This issue of the paper is focusing on the 10th anniversary of the Americans with Disabilities Act (ADA). The ADA has had a dramatic effect on the lives of people with disabilities; it has made our lives a lot easier in many simple and not-so-simple ways.
In my case, I have been a wheelchair user for nearly 33 years. In that time I have watched and experienced the improvement in access for people with disabilities. During the ’70s it was not uncommon for me to be wheeling around downtown Minneapolis or St. Paul and, if I happened to see another person with a disability, I knew who they were by name. There were no official curb cuts; if you wanted to get across the street you needed to go find a driveway, wait for a break in traffic, cross the street, and then wheel a half a block one way or another to get back onto the sidewalk. Bathrooms in public buildings were rarely accessible and there were no accessible bathrooms in any of the public parks that I remember. It was common to find a 2- or 3-inch step threshold into many stores, for no apparent reason. Another big issue was people’s attitudes, towards me and other people with disabilities; it didn’t seem to matter what age you were, you were treated as a child.
In the 80’s, there were some improvements. A few curb cuts started to pop up, in new buildings the bathrooms might be manageable, and you started to see more people with disabilities out and about. By now the disability community had been pushing for better access, and you started seeing some fruit from their labor.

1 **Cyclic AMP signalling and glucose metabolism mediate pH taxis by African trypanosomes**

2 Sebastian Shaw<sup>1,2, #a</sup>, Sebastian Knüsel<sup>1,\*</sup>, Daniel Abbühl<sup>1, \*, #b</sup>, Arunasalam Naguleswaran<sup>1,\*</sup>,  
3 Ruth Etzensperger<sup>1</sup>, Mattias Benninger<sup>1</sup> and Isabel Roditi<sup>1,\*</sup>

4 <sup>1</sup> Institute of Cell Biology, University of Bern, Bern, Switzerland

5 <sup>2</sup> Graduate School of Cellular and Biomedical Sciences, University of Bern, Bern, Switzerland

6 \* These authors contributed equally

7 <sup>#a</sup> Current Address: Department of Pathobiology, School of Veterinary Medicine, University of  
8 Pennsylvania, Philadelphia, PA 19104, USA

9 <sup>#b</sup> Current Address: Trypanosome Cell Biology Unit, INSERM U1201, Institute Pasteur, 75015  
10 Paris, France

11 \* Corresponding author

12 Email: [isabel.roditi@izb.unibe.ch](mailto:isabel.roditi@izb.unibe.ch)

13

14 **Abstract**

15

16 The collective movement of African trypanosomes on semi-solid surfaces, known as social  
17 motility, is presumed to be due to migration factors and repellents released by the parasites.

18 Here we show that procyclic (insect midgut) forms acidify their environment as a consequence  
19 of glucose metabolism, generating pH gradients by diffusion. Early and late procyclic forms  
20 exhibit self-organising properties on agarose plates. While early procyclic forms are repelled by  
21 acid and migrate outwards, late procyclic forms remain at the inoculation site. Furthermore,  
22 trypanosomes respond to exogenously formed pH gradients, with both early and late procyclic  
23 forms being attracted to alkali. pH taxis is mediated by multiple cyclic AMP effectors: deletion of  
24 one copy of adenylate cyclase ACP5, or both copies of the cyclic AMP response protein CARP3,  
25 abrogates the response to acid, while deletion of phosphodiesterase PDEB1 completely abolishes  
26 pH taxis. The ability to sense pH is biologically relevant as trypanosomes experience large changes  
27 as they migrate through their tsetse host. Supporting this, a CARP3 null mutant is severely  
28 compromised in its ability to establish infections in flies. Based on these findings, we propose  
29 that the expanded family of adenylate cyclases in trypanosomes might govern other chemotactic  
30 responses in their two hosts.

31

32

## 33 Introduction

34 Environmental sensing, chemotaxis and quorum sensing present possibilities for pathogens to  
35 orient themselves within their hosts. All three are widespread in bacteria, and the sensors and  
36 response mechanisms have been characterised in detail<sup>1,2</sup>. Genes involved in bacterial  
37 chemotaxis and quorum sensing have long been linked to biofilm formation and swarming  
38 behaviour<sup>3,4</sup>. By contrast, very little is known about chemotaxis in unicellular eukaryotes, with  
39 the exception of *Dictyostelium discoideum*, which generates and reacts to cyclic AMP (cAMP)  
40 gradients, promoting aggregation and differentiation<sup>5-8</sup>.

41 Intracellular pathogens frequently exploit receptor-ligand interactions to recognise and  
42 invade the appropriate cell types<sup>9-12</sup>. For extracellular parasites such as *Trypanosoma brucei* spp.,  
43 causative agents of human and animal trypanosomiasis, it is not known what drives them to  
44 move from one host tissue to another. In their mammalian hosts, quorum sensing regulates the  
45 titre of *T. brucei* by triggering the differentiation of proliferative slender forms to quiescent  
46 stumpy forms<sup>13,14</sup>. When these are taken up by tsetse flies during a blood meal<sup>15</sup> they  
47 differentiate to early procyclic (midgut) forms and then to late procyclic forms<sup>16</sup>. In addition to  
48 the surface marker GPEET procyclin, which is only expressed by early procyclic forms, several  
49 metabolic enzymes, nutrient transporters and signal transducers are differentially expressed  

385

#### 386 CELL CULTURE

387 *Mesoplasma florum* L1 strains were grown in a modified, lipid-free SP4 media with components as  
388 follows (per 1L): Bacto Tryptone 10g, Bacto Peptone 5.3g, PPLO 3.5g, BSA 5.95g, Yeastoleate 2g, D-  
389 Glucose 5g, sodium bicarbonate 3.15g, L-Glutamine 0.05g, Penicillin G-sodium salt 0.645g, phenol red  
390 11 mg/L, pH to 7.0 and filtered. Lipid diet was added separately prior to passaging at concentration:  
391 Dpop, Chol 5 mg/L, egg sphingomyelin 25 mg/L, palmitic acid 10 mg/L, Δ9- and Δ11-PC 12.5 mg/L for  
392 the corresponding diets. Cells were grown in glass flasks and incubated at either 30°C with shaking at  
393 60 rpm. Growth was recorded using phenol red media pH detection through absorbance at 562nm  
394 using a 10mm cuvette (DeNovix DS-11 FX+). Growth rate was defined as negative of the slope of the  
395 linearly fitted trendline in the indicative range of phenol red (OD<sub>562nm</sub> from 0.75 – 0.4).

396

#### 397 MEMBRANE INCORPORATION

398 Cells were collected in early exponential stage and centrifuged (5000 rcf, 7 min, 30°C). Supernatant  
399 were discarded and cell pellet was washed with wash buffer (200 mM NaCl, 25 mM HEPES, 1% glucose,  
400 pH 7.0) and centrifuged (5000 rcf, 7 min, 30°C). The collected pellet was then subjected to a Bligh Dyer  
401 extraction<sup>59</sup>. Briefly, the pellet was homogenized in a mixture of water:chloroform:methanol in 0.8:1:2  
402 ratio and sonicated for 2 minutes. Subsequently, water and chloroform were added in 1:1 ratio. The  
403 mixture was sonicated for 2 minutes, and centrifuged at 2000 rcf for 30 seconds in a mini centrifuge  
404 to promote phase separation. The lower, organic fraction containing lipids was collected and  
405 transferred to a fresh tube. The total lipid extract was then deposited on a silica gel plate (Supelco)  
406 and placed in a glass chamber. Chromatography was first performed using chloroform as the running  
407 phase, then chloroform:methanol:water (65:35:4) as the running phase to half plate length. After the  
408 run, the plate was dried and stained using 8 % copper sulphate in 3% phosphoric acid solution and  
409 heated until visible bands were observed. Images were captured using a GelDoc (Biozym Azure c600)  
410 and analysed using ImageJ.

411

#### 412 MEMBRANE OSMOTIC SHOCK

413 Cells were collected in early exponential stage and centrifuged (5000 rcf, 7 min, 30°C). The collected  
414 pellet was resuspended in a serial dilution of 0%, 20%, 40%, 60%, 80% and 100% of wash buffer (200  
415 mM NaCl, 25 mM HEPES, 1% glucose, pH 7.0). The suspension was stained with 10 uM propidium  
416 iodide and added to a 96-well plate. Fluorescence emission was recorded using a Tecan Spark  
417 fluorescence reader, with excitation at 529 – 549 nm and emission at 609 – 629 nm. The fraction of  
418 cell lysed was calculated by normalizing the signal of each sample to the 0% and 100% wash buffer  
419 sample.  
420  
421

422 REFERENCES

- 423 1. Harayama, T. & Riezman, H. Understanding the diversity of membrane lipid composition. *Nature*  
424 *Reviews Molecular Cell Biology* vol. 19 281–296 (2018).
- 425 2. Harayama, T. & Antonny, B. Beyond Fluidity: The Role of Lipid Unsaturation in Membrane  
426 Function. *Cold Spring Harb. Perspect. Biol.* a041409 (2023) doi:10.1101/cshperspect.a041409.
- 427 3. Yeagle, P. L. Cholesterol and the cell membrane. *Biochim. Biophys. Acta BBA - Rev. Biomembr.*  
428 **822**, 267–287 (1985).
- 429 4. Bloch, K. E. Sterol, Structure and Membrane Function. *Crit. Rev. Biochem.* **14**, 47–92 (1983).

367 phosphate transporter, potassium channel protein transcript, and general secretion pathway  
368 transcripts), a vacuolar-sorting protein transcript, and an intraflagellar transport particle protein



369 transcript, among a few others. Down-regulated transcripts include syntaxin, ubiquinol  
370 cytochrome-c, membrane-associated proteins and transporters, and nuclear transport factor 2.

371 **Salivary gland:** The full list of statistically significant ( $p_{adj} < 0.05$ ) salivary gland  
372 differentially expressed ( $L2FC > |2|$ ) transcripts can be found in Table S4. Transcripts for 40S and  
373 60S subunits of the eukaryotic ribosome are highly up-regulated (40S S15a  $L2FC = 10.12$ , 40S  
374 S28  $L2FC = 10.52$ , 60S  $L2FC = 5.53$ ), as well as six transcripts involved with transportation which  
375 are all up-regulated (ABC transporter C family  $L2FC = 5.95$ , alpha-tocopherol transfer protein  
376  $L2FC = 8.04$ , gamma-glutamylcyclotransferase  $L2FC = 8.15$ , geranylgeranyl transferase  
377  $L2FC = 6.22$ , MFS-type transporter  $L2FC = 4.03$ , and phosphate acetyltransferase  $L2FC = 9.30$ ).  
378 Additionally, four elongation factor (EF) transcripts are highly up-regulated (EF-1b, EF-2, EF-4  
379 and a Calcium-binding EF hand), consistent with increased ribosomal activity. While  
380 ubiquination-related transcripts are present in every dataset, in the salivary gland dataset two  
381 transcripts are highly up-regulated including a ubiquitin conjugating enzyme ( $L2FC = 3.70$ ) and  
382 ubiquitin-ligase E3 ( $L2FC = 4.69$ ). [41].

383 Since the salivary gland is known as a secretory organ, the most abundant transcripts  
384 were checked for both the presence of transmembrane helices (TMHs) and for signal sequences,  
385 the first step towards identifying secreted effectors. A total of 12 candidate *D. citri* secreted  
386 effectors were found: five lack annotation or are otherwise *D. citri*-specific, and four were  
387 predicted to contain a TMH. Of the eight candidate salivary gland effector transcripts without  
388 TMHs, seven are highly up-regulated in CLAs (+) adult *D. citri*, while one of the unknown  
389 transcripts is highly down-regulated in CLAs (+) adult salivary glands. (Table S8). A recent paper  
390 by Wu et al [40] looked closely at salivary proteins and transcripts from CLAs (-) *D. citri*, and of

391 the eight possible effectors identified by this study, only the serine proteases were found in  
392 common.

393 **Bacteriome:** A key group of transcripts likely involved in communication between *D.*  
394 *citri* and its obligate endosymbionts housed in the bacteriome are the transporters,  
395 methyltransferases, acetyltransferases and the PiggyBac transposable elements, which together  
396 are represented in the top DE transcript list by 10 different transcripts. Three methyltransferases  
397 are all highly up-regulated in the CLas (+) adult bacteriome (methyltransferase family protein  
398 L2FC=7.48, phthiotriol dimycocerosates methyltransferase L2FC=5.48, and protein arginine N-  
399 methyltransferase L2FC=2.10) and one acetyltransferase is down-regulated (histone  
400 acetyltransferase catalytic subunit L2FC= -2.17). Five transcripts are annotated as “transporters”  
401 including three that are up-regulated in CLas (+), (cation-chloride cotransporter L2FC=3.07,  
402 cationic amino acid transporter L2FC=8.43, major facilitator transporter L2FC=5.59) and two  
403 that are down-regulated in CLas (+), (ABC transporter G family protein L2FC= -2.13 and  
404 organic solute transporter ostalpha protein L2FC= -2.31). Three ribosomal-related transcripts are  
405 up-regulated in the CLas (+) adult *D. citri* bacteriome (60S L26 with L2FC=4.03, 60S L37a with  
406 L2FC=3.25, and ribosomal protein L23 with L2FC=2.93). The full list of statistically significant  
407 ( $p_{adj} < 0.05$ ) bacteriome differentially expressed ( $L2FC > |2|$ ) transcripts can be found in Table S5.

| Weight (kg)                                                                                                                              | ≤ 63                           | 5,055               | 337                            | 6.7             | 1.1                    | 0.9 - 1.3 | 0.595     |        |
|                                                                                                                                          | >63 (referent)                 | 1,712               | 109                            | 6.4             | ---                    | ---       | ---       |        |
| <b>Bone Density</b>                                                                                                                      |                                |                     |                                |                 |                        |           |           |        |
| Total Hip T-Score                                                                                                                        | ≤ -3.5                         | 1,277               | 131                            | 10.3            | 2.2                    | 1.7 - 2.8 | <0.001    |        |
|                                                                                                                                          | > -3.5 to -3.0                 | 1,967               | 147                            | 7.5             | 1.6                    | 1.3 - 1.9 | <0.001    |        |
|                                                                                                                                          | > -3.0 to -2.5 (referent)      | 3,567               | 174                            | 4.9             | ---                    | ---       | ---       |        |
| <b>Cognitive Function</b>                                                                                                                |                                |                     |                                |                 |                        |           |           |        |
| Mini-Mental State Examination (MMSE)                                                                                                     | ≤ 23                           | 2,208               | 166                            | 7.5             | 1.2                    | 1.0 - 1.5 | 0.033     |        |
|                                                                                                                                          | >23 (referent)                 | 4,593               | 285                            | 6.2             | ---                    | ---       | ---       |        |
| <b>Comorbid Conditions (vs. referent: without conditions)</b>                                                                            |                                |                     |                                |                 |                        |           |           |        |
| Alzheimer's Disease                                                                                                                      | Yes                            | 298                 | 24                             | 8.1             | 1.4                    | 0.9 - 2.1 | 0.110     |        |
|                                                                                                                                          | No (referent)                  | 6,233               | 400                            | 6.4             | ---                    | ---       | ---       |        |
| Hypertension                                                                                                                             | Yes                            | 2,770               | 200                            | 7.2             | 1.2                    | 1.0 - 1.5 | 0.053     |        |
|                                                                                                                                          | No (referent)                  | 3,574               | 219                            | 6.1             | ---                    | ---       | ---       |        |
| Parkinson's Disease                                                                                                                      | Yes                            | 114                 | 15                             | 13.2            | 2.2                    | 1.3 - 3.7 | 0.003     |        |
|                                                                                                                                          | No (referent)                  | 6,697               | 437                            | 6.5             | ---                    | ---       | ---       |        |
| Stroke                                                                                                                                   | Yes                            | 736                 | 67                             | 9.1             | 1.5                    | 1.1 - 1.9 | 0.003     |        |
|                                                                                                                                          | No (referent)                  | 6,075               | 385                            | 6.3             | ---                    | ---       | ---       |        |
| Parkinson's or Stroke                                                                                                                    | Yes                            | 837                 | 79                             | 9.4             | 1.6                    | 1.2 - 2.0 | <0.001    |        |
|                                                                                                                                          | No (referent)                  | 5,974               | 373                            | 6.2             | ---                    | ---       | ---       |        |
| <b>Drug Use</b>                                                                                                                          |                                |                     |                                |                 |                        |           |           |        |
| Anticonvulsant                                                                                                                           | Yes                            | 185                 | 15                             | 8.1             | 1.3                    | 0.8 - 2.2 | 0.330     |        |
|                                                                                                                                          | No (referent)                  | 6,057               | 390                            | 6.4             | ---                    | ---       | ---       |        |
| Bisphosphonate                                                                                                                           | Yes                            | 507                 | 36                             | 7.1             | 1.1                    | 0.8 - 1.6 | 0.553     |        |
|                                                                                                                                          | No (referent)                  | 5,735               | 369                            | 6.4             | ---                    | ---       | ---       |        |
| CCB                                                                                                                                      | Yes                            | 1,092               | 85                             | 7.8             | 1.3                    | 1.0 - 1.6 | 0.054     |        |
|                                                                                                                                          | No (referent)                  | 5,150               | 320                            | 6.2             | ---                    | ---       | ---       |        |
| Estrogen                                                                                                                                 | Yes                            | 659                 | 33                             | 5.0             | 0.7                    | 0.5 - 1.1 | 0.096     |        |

In 1990 the ADA was passed and signed into law by President Bush. It seems to me in the short 10 years since the passage of the ADA we have seen dramatic changes. Curb cuts are everywhere, many places have power door openers, and accessible bathrooms can be found in most places. I know that many of these changes were due to laws that were passed in Minnesota prior to the ADA. A sea change has happened since the passage of the ADA. People with disabilities are being employed in record numbers, and people’s attitudes towards people with disabilities are changing. It’s a slow process, but it is happening. We are no longer looked upon as people who need to be taken care of. The ADA forced people and companies to recognize people with disabilities as people, not as disabilities.
We still have a long way to go and I hope the younger generation of people with disabilities doesn’t take things for granted.
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On July 26th there will be a celebration of the ADA and IDEA (see page 7). This is going to be a great cultural event. There is going to be food, music, art and a great national speaker, Ted Kennedy Jr. Bring the whole family; spend the day celebrating and embracing disability culture.